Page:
Pope Francis South Korea

Pope Francis’ visit to South Korea: Everything You Need to Know

Pope Francis South Korea

Pope Francis wins the hearts and minds of Koreans during his first trip to Asia with humility, English, and prayer.

In his first official appearance in Asia, Pope Francis offered support to the fast-growing Catholic community in South Korea. Starting soon after his arrival, he delivered a speech for Asian Youth Day, visited handicapped children, offered prayers for the nearly 300 victims of the capsized ferry in Sewol, held a service to beatify 124 Korean martyrs, and met privately with surviving victims of child prostitution from World War II.

Pope Francis forges his own path

Despite the busy schedule planned for this 5-day trip, the pope continued a trend he has been creating since he took office, in which the interesting stories of this trip extended beyond the scheduled ceremonies. First, the pontiff chose a compact, locally built Kia Soul hatchback to serve as his transport from the airport to the formal welcome ceremony in Seoul. This unique procession garnered more attention from the excited crowds gathered along the route than the fact he delivered his first public speech in English at the welcome ceremony. He practiced his English in advance of this visit so as to communicate directly to Asian youth without a translator. Symbolically, this was to enable all Asians to feel a greater connection with him.

Friday, Pope Francis traveled from Seoul to Daejeon on public transportation. About 500 passengers shared the bullet train ride with him, which again offered everyday people the opportunity to feel more connected to this increasingly popular religious leader. Later, after praying with families of victims of the ferry sinking, he accepted a yellow memorial ribbon which he wore the rest of the day in solidarity. He then made time to baptize the father of one of the victims on Sunday.

During his appearance at Asian Youth Day, the pontiff posed for selfies with some of the attendees. Before the end of his trip, at the start of a homily urging forgiveness and reconciliation between North and South Korea, he accepted a pin of a butterfly from one of seven surviving women who had been enslaved and forced into prostitution during World War II, and wore it throughout the Mass.

It seems that whether Catholic or nonreligious, rich and famous or poor and disenfranchised, the public approves of everything this pope does. He is quickly building a reputation strong enough to make his voice credible for any cause he might choose to support.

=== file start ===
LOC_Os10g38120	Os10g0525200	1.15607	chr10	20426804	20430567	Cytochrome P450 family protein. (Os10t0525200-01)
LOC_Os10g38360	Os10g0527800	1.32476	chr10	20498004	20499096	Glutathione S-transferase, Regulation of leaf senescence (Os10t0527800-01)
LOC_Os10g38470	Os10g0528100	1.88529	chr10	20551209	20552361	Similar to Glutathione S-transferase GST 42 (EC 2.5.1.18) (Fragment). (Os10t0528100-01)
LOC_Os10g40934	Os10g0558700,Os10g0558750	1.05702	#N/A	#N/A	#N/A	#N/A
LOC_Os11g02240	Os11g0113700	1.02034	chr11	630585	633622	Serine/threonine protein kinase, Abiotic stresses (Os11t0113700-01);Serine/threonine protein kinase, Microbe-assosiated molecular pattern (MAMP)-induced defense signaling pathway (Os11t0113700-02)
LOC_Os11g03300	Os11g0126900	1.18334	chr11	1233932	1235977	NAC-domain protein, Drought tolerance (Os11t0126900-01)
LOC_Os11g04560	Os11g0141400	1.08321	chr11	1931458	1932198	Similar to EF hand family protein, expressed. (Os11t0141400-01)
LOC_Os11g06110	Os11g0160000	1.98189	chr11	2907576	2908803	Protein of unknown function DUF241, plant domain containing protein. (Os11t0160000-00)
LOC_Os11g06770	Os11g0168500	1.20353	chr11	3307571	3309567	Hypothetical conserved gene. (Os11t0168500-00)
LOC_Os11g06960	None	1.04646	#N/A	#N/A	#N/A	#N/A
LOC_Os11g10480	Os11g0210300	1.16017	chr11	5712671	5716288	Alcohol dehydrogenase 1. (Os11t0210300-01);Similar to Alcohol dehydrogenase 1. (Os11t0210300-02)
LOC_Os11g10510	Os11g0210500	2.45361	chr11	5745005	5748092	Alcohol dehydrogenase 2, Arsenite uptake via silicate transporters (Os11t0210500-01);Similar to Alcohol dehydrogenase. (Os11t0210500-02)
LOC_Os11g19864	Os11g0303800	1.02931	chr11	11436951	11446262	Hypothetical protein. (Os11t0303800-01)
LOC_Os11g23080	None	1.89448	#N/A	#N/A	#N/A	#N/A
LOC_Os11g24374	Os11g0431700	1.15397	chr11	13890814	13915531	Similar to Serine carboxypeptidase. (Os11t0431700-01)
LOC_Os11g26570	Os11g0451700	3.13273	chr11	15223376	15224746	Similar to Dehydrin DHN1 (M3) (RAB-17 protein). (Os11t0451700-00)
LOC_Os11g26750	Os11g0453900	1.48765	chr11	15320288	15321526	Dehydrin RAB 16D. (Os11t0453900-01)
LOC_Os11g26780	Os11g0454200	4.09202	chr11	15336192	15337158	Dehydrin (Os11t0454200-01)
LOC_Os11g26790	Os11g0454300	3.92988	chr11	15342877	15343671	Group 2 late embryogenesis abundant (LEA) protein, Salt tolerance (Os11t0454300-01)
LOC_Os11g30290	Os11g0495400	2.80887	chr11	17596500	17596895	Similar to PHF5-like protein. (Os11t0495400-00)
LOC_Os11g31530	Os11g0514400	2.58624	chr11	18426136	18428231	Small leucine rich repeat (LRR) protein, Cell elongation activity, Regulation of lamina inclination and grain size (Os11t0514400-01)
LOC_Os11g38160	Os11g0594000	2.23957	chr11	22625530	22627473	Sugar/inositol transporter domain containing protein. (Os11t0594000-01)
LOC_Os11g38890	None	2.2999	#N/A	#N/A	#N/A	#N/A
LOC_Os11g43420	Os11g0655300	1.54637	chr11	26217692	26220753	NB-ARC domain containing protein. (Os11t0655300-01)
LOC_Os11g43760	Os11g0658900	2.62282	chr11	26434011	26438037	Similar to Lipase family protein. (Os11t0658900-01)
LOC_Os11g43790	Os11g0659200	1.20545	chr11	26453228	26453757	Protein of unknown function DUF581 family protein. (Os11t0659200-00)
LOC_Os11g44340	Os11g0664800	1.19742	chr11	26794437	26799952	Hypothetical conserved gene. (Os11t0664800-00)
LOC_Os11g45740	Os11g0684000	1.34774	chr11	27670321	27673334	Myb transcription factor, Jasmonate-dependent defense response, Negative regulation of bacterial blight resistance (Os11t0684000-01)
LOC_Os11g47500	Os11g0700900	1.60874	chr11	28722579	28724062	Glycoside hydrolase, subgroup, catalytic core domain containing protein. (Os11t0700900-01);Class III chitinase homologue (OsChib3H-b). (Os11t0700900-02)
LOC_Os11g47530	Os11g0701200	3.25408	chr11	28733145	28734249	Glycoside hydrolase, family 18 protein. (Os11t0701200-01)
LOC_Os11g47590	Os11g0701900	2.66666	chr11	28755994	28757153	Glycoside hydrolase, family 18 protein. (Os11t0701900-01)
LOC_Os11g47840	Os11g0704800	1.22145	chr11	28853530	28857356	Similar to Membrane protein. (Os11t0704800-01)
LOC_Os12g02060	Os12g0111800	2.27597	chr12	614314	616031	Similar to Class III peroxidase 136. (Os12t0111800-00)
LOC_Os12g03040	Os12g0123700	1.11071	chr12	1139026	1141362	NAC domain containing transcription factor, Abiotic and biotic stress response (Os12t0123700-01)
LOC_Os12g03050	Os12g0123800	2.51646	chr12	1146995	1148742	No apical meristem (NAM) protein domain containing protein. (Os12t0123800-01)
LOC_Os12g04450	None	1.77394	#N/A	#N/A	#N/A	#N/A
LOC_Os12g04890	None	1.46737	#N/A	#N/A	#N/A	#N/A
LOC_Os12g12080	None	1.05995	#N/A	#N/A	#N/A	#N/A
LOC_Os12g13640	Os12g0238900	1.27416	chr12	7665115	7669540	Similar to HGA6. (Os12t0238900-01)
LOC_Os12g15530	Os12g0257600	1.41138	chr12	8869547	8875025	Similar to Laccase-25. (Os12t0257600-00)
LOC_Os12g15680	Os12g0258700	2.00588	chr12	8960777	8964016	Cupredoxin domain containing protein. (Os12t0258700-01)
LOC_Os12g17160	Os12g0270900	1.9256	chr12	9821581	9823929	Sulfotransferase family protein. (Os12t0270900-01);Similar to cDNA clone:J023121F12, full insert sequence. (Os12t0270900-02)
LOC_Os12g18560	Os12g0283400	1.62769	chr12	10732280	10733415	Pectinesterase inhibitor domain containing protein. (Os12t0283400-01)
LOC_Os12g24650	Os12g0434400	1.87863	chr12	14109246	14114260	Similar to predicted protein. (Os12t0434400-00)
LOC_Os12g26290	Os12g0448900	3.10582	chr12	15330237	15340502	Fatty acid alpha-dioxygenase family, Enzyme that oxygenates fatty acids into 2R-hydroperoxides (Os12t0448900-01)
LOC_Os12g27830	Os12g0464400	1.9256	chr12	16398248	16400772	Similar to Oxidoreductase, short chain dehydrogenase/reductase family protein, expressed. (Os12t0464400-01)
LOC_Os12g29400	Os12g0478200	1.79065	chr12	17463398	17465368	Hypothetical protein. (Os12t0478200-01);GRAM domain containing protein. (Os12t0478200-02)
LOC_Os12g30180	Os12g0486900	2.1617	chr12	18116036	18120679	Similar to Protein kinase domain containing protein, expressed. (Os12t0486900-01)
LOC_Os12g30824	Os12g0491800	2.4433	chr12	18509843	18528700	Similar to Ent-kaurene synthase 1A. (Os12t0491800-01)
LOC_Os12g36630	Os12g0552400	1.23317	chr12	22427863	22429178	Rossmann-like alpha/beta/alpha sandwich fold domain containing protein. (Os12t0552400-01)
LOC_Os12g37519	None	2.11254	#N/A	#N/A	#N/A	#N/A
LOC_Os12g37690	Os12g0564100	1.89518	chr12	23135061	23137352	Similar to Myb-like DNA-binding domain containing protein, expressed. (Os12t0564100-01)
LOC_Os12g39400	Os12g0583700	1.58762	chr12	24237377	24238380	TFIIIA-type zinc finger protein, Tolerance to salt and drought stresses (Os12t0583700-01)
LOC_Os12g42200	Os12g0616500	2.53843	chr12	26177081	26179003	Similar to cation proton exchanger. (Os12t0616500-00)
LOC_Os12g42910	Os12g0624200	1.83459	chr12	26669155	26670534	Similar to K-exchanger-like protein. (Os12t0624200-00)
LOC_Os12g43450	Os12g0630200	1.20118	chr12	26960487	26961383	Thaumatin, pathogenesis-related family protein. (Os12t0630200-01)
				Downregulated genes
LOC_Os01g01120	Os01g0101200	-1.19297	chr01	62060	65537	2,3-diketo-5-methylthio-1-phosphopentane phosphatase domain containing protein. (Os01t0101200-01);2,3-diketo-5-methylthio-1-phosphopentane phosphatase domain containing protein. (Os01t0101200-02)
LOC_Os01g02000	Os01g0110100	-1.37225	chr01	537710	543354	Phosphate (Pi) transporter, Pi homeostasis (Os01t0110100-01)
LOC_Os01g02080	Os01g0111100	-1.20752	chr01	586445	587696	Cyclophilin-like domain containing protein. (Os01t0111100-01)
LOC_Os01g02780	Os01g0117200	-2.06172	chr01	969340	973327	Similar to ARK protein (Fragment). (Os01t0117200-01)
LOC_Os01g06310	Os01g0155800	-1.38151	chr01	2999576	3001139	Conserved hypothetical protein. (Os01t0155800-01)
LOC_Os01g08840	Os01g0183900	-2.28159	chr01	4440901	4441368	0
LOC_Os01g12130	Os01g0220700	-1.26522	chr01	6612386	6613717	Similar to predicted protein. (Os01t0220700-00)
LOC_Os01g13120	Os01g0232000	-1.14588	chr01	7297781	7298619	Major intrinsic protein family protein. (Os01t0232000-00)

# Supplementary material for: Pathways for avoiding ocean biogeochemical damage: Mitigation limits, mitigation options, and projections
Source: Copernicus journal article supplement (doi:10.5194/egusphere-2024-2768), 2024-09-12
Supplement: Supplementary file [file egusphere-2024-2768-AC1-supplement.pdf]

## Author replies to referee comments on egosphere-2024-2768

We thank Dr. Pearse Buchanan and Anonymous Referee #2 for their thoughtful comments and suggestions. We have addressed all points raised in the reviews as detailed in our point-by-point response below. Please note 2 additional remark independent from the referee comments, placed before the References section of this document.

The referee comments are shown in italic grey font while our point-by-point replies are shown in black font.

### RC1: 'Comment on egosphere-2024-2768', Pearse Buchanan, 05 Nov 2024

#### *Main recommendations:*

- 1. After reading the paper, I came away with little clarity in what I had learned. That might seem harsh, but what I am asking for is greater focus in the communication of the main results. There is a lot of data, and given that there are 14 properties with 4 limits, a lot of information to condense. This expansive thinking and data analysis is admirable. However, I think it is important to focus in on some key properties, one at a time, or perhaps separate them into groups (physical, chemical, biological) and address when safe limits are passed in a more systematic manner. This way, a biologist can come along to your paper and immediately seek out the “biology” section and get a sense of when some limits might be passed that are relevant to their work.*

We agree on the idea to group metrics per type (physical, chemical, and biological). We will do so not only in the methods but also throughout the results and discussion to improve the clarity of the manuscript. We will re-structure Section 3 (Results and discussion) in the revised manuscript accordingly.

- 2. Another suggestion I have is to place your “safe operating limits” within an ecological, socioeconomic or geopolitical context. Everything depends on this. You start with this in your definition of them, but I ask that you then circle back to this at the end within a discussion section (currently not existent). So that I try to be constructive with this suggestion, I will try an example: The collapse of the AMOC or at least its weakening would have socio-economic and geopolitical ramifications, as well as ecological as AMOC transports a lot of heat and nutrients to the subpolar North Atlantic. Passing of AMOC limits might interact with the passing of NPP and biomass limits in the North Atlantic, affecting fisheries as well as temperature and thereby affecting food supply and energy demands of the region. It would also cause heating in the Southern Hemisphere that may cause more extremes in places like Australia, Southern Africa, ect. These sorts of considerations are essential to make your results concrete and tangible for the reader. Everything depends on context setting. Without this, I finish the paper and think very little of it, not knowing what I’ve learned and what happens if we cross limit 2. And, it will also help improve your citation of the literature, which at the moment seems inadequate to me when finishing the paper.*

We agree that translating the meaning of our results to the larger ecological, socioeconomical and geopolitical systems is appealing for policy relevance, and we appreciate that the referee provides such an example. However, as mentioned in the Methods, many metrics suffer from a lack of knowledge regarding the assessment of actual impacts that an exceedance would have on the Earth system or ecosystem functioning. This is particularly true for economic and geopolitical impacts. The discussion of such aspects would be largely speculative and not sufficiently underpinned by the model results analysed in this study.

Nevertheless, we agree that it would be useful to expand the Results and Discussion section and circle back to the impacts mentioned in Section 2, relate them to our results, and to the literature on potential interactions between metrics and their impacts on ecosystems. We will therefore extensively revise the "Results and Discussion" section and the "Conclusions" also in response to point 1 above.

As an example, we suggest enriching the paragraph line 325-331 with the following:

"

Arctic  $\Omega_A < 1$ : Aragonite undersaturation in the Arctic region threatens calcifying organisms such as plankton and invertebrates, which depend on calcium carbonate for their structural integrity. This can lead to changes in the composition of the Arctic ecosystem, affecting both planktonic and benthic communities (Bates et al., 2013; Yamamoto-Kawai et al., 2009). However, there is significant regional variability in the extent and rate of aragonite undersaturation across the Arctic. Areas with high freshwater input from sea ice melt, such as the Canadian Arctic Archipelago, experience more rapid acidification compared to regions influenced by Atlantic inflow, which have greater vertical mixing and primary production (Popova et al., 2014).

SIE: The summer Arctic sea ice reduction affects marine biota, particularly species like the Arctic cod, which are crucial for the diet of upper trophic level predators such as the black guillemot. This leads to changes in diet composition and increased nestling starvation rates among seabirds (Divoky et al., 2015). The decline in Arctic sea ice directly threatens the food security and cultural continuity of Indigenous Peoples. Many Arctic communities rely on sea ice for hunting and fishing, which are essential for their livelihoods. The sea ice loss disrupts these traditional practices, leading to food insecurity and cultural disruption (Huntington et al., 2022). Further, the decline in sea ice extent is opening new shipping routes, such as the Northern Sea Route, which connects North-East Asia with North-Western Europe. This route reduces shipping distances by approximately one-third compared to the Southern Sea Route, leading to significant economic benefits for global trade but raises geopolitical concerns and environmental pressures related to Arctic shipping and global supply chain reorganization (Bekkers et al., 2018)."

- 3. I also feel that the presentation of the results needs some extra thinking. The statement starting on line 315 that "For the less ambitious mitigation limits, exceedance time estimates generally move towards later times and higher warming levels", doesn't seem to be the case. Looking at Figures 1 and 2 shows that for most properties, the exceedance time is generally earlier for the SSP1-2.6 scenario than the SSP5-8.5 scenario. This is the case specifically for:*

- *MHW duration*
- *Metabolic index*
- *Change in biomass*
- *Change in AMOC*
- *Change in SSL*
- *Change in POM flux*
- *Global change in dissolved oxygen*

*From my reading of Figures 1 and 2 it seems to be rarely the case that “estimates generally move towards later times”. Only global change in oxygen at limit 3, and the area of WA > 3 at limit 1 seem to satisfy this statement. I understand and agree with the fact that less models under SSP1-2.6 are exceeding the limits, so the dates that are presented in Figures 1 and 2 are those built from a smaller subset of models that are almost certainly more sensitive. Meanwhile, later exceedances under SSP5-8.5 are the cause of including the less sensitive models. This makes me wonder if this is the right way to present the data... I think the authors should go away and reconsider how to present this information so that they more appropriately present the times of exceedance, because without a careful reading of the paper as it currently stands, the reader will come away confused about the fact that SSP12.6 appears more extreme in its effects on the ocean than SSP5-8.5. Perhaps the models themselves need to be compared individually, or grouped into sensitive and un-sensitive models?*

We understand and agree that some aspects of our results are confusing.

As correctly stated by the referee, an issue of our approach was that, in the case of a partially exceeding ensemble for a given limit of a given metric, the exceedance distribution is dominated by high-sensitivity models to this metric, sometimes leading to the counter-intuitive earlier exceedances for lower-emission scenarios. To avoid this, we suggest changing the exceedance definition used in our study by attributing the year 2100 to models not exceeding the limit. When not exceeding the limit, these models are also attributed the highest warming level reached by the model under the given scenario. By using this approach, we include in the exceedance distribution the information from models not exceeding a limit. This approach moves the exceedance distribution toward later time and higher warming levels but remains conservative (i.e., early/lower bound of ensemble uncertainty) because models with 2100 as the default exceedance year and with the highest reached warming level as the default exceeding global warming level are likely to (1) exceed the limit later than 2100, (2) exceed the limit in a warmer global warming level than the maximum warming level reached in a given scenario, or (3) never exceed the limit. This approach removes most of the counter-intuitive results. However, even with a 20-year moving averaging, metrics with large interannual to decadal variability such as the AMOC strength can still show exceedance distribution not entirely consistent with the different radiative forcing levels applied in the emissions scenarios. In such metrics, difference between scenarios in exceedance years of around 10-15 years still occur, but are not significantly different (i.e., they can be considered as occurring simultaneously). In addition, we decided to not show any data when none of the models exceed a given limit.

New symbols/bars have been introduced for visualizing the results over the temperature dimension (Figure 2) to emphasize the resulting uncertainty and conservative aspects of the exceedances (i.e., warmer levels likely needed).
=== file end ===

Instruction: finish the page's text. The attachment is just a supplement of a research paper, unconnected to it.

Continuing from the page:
A surprising area of discord

The small-but-growing South Korean Catholic community boasts the unique distinction of growing faster than almost anywhere else right now, outstripping Protestant growth on the peninsula. The pope praised this growth, saying Saturday that “The Christian faith was not brought to the shores of Korea through missionaries.” Rather, he said, “It entered through the hearts and minds of the Korean people themselves.”

But Korean Protestants remain more suspicious of the pope and his intentions. While the Protestant denominations overtly expressed pleasure and support for the pope’s visit, little fanfare over the visit could be found in local Protestant news sources. Ongoing tensions between the two Christian groups, constantly vying for shares of the 29% Christian Korean population, simmer more closely to the surface during times like this papal visit.

At the end of his trip, the pope addressed these tensions, as well as those dividing North and South Koreans, by calling for forgiveness and reconciliation. He urged his audience to pray, “For the emergence of new opportunities for dialogue, encounter and the resolution of differences, for continued generosity in providing humanitarian assistance to those in need, and for an ever greater recognition that all Koreans are brothers and sisters, members of one family, one people.”

Pope Francis has already demonstrated an ability to disarm those who would distrust his motives, and win support to his ecumenical cause. If he can ease tensions among Christians on the Korean Peninsula, or between citizens of the divided nation, his first Asia visit may have even further reaching positive consequences than hoped.


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